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Trade war

Investors run for shelter as Trump's trade threats turn real

Asian stocks fall while money shifts to safe-haven assets

U.S. President Donald Trump at a rally. With congressional elections looming, trade frictions between the U.S. and its partners seem set to persist.   © Reuters

TOKYO -- Investors are trading risky assets around the world for safe standbys like the yen now that U.S. President Donald Trump is following through with trade restrictions, sowing doubts about the future of global economic growth.

A wave of selling has swept stocks, currencies, bonds and commodities alike in the first half of 2018. "Markets have clearly begun to take notice of trade friction as a drag on the global economy," said Kyoya Okazawa of BNP Paribas in Hong Kong.

The fiery American rhetoric on trade was initially dismissed as a negotiating tactic, a tool for Trump's "deals." But the president has actually carried out his threat to slap tariffs on steel and other goods. Economies including China and the European Union have retaliated, turning Trump's first shot into a potential trade war with no foreseeable end.

China's stock market has plunged 14% to a roughly two-year low as the country has become embroiled in trade friction with the U.S. Equities in the Philippines have also taken a sharp tumble, while those in Thailand and Indonesia have seen smaller declines. Even stocks in such advanced nations as Japan, South Korea and Germany have slid, owing to the high dependence of these countries on trade.

Copper prices, known to reflect changes in the world economy, have dropped around 9%.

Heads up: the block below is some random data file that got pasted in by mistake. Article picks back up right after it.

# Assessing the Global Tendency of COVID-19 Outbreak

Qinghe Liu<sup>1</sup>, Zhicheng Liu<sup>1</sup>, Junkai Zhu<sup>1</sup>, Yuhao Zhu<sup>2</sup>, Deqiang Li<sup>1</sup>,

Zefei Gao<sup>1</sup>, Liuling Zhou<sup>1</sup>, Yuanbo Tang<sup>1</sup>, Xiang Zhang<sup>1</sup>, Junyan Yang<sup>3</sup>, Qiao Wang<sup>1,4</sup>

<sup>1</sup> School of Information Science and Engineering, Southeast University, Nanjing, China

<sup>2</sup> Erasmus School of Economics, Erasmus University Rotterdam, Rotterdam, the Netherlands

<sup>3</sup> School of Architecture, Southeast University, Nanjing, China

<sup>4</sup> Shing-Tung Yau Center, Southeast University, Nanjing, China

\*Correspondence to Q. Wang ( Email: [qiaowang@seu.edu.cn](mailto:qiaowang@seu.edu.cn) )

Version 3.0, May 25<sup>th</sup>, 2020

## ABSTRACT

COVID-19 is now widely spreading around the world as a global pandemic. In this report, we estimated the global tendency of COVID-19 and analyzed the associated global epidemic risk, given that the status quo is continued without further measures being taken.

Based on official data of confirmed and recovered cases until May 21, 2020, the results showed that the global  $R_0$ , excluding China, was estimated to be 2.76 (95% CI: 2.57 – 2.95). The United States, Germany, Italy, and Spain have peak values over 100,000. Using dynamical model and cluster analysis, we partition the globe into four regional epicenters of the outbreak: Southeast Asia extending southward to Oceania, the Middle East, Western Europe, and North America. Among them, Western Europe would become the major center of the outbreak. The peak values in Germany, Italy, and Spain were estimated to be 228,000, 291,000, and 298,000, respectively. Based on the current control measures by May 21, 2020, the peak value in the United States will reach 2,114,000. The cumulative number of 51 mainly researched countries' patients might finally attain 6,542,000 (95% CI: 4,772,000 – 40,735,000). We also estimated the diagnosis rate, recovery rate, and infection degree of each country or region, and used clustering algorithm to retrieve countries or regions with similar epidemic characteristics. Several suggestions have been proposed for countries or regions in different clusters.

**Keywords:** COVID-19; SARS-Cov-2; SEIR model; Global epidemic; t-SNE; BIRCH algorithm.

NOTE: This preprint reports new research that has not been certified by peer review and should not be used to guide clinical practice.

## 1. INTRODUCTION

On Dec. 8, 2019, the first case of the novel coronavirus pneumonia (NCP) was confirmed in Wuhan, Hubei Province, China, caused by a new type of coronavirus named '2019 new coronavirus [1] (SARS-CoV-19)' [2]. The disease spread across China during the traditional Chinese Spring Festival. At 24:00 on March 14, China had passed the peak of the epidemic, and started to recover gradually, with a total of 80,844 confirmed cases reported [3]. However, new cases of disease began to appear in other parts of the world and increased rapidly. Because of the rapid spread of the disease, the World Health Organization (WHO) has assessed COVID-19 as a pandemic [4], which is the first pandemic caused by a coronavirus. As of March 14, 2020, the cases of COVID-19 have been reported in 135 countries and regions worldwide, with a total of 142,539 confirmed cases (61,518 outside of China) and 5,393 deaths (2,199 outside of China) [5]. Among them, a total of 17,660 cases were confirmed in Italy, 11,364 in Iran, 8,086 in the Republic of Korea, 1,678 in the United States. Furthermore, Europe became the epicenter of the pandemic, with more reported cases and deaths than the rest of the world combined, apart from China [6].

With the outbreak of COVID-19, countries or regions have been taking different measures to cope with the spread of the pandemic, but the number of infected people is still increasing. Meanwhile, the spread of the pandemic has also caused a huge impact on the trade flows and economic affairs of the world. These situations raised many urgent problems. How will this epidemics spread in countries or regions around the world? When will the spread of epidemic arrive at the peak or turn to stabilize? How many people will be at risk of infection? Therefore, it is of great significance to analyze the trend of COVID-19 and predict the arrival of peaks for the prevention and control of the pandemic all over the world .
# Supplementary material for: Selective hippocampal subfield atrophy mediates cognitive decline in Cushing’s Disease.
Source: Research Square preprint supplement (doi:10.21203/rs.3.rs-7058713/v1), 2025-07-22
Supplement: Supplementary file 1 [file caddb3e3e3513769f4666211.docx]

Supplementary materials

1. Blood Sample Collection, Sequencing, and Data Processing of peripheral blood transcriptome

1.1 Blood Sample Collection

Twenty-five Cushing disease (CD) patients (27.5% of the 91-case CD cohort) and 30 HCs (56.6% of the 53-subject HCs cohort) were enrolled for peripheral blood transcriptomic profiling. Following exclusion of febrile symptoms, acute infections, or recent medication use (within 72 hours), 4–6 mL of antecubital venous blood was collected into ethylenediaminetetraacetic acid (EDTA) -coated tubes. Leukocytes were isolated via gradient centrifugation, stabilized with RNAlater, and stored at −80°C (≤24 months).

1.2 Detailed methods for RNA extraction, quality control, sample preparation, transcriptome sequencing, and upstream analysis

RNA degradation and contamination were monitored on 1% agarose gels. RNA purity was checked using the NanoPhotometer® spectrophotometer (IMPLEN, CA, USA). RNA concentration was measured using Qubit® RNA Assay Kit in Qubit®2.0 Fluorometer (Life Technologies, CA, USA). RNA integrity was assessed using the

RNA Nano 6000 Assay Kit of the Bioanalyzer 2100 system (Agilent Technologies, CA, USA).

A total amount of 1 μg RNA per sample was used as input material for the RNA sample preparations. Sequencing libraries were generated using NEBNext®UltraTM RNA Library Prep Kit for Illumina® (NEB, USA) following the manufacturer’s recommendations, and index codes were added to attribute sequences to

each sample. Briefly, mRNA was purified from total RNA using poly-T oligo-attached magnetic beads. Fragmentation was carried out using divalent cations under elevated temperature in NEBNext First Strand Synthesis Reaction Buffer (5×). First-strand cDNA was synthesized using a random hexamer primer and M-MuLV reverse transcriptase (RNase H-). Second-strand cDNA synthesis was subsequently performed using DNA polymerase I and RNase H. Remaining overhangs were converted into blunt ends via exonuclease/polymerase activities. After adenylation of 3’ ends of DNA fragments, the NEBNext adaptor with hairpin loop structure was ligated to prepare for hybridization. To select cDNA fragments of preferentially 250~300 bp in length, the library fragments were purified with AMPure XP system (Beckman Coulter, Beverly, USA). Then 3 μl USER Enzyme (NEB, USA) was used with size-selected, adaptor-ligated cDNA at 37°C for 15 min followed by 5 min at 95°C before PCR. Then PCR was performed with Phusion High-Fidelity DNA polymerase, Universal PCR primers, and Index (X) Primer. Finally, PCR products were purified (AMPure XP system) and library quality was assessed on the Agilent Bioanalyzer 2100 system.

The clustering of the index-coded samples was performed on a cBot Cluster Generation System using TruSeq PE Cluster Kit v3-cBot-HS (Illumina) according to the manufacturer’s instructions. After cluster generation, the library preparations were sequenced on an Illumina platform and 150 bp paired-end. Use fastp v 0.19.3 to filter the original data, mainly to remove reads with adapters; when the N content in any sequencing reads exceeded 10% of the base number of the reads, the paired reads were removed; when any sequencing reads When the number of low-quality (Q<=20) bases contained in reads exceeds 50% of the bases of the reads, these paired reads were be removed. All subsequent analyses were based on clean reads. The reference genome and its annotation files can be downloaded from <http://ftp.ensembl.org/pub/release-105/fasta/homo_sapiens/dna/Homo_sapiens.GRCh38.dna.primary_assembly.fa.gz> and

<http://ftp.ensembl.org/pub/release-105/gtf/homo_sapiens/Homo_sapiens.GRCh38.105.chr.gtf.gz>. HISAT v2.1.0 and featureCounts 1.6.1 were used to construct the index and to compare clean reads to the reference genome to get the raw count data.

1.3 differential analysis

Traditional safe-haven assets have benefited from this upheaval. Prices on German and Japanese government bonds have jumped over the past six months, while the yen has strengthened against global currencies. These are renowned as safe, high-quality assets, making them attractive buys at times of uncertainty.

Investors are buying up such reliable assets as yen as a trade war builds between the U.S. and partners ranging from China to the European Union.

Oil prices have surged more than 20% this year, with benchmark West Texas Intermediate futures reaching around $74 per barrel. The U.S. targets a complete halt to Iranian oil exports by November, fueling concerns over a plunge in supply. Prices "could flirt with the $80 level, depending on how intense geopolitical risks become," said Hiroyuki Kikukawa of Nissan Securities.

In individual stocks, tech-related shares have won out, because their business models are viewed as resilient in the face of a global downturn. Amazon.com shares have gained 46% since the start of the year, adding $260 billion to the company's market capitalization. Facebook has added $57.5 billion in market cap. China's Alibaba Group Holding, listed in New York, and Indian information technology giant Tata Consultancy Services have also been among the biggest gainers.

Shifts in monetary policy have also put investors on the defensive. Central banks have engaged in massive monetary easing over the past decade to counteract the effects of the 2008 financial crisis. But the U.S. Federal Reserve has now begun to tighten policy, and many expect it to raise interest rates a total of four times this year. The European Central Bank is also looking to draw down easing.

These moves mean that less government money will be available to keep markets strong. The Fed's rate hikes are also pulling money away from emerging markets and toward the dollar. 

With U.S. congressional elections coming up in the fall, Trump could well press forward with economic policies designed to put "America first," at trade partners' expense. Market players foresee pessimism growing stronger if the negative impact on emerging economies becomes even more pronounced.

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